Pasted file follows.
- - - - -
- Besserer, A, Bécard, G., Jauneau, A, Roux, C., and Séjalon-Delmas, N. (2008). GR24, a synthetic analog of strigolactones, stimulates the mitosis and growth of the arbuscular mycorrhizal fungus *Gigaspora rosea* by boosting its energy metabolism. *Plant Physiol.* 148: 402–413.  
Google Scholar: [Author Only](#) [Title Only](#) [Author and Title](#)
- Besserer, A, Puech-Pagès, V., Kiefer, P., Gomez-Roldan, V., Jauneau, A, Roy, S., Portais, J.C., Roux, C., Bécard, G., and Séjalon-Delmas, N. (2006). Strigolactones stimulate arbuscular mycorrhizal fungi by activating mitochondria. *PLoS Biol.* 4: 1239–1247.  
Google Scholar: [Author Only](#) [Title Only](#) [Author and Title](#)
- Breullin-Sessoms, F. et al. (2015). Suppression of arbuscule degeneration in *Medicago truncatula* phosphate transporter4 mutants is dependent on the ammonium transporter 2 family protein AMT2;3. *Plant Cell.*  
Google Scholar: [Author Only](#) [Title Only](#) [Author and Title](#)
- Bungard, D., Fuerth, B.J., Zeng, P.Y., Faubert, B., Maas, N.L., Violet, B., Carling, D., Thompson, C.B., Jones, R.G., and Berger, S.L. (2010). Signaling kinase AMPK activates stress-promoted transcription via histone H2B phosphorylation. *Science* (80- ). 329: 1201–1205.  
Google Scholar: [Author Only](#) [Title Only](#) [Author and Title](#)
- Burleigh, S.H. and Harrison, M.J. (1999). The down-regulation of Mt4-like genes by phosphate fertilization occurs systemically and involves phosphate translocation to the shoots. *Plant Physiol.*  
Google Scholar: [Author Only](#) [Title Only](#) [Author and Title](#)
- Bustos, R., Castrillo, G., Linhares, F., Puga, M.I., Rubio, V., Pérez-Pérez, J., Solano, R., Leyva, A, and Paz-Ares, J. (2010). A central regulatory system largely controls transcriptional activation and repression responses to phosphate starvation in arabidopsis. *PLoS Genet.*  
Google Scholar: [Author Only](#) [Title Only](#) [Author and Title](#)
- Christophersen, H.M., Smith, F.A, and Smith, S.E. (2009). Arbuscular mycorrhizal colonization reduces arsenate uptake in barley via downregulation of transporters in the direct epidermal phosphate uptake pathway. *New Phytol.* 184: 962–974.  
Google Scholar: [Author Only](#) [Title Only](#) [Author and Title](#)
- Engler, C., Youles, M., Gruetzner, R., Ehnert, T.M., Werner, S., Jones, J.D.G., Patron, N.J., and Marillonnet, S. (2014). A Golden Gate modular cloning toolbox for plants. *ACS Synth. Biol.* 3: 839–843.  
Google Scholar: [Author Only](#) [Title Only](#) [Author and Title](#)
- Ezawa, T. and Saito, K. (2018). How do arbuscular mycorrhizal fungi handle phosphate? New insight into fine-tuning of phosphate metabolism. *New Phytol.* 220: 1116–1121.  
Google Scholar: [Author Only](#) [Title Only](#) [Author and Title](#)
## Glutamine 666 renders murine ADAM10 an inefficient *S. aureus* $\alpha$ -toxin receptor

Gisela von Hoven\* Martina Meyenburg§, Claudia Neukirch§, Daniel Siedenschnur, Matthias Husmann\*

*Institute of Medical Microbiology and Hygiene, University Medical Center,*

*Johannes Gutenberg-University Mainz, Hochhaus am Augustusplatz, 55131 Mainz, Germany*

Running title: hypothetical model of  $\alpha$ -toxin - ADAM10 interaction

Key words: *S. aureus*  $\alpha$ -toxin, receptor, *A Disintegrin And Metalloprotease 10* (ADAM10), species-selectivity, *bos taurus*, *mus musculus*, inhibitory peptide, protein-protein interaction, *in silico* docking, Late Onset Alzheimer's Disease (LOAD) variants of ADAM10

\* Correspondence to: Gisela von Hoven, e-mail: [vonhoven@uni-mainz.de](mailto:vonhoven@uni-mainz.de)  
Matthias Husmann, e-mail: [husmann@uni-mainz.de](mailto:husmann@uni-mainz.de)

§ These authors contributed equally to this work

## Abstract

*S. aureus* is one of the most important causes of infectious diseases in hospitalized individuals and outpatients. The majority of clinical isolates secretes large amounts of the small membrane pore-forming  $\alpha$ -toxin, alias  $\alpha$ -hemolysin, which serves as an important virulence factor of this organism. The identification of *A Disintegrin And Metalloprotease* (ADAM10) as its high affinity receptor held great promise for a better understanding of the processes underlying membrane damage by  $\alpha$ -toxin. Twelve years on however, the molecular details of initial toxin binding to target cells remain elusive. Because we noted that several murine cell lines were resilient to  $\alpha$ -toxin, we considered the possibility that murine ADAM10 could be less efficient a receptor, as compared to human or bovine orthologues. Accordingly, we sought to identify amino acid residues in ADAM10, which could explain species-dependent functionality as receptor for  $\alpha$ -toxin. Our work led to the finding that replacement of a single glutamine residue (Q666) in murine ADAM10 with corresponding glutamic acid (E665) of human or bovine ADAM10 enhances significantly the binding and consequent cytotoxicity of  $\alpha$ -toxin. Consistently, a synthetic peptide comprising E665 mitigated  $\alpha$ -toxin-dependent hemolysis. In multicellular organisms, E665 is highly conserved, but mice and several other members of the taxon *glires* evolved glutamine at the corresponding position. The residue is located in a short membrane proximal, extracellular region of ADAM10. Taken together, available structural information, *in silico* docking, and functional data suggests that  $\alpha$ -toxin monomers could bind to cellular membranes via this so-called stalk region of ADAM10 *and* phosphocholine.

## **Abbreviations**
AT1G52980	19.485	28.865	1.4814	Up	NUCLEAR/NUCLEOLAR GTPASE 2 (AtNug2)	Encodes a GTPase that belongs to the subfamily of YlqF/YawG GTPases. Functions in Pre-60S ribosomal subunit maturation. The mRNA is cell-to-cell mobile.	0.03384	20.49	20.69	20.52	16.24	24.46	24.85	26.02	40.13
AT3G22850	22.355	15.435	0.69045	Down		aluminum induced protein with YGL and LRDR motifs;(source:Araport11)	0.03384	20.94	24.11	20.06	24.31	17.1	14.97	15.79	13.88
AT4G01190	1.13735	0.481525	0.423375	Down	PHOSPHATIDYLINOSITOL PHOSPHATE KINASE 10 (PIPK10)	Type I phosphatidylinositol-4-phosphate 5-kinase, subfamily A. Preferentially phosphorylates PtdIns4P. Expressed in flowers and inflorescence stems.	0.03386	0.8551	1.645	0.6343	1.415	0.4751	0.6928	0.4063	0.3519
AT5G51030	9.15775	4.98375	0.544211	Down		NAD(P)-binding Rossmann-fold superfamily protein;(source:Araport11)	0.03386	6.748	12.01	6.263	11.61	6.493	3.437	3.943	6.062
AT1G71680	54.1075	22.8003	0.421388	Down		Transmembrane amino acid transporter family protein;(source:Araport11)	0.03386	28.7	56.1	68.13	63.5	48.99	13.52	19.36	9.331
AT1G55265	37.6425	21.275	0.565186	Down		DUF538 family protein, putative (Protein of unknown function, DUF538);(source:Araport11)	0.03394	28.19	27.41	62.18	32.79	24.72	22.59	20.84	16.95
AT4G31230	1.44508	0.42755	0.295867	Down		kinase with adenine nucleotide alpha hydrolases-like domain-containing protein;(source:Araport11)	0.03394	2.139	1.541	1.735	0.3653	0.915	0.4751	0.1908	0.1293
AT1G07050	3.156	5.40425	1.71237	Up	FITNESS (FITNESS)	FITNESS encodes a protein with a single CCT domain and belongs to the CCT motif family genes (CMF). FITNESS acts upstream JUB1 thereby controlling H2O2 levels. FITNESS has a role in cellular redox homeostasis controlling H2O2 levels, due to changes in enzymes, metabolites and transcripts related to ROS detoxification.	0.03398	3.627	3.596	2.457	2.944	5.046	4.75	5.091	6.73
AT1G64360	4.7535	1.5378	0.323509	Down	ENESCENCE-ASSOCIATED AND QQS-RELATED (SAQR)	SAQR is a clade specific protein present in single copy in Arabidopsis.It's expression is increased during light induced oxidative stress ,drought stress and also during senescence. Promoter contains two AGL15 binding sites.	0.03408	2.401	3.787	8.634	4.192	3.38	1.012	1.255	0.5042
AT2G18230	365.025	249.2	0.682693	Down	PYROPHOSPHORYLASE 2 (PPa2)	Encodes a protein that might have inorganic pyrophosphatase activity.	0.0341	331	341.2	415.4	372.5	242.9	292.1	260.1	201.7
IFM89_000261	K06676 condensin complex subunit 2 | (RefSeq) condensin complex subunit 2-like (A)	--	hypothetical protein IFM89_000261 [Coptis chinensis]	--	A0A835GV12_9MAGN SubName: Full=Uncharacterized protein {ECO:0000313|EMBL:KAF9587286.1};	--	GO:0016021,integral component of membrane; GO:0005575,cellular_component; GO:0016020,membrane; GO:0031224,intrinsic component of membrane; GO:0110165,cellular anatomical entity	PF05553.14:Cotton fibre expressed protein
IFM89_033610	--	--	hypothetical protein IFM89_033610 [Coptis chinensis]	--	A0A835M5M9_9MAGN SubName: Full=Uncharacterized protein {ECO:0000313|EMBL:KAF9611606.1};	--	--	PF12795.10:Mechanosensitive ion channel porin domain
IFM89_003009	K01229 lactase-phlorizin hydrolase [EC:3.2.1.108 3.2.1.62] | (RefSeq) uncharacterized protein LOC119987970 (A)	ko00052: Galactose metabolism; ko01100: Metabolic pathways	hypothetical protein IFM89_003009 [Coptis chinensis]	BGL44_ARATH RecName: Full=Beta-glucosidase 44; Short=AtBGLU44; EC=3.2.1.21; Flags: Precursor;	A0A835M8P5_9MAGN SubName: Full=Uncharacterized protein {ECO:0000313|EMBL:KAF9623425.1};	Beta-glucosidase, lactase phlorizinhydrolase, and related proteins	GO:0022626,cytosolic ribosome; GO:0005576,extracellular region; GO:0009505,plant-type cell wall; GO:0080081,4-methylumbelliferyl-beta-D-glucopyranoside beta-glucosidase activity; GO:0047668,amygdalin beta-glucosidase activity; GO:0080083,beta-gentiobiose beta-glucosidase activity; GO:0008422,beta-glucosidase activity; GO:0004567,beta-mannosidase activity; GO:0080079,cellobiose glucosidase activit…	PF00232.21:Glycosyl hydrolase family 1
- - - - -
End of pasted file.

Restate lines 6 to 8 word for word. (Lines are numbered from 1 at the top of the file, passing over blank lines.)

Google Scholar: [Author Only](#) [Title Only](#) [Author and Title](#)
- Bungard, D., Fuerth, B.J., Zeng, P.Y., Faubert, B., Maas, N.L., Violet, B., Carling, D., Thompson, C.B., Jones, R.G., and Berger, S.L. (2010). Signaling kinase AMPK activates stress-promoted transcription via histone H2B phosphorylation. *Science* (80- ). 329: 1201–1205.  
Google Scholar: [Author Only](#) [Title Only](#) [Author and Title](#)